I’m not sure why exactly I decided to revisit Caron En Avion after so many years, but it might have been inspired by my reading of Miklós Bánffy’s The Transylvanian Trilogy. An epic novel set in the Austro-Hungarian Empire just before the First World War, it paints the vanished world of the Hungarian aristocracy, the era that was quickly coming to a close. There is something equally poignant and nostalgic about En Avion, a perfume created by Caron’s owner Ernest Daltroff in 1932, just a year before Count Bánffy started writing his masterpiece.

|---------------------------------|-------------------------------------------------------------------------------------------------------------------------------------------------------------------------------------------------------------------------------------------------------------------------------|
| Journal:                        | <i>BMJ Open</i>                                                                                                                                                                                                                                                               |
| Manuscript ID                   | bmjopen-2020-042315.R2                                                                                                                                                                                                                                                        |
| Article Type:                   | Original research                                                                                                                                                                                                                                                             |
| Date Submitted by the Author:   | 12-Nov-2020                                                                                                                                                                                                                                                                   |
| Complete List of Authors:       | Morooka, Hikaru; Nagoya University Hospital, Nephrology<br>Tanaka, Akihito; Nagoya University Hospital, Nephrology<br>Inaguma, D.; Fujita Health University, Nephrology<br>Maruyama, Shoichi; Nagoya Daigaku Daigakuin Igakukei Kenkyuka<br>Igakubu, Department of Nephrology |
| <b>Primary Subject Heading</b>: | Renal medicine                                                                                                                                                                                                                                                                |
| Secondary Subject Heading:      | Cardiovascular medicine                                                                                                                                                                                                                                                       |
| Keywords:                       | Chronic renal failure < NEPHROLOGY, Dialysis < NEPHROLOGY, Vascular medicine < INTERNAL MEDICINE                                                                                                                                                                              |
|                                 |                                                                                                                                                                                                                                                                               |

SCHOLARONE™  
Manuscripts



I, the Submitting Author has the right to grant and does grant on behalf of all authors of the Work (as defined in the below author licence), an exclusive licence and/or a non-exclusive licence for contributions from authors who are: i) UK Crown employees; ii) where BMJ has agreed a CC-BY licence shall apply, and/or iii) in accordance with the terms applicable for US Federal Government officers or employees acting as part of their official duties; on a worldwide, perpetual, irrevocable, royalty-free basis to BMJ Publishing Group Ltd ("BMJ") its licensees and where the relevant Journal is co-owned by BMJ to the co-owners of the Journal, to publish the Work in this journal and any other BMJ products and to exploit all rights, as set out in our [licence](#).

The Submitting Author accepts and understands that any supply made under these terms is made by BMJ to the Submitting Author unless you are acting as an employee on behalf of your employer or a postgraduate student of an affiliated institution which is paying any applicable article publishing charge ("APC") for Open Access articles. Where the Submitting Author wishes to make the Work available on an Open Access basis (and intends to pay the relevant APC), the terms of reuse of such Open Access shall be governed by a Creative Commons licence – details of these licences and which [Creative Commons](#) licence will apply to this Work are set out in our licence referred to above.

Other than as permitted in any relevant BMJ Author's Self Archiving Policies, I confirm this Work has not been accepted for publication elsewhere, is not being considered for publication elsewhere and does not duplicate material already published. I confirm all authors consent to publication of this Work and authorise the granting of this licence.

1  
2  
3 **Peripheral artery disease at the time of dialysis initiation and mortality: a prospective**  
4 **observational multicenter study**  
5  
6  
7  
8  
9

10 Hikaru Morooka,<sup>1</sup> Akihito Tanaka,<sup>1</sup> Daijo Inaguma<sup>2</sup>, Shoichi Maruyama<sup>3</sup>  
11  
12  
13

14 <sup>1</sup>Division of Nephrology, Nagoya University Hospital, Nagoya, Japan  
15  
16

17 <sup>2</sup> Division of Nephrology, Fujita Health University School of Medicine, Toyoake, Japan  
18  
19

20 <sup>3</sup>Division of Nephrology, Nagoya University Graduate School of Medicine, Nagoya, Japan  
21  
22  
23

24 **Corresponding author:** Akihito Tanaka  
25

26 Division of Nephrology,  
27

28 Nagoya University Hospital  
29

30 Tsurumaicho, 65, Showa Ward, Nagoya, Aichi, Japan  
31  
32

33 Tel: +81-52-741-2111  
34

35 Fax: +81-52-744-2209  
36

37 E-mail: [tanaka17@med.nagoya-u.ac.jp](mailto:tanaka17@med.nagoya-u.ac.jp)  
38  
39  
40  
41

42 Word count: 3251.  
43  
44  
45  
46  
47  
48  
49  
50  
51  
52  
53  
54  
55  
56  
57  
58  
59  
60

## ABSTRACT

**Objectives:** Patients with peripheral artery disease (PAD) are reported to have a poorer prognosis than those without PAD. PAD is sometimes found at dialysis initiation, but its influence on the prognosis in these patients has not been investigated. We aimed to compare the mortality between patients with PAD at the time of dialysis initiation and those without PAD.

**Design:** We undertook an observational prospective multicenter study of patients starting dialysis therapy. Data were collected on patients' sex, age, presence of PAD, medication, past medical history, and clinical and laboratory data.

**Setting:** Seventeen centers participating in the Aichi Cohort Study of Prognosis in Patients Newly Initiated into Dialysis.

En Avion, as the name suggests, was inspired by the first pilot women such as Helen Boucher and Amelia Earhart. It was a luminous but dark orange, dipped in the sweetness of jasmine and the incense-like warmth of opoponax. It was spicy but also cool and mossy. The kind of fragrance that could only have been the product of Daltroff’s eccentric pairings and the era’s penchant for perfumes thick as fur coats.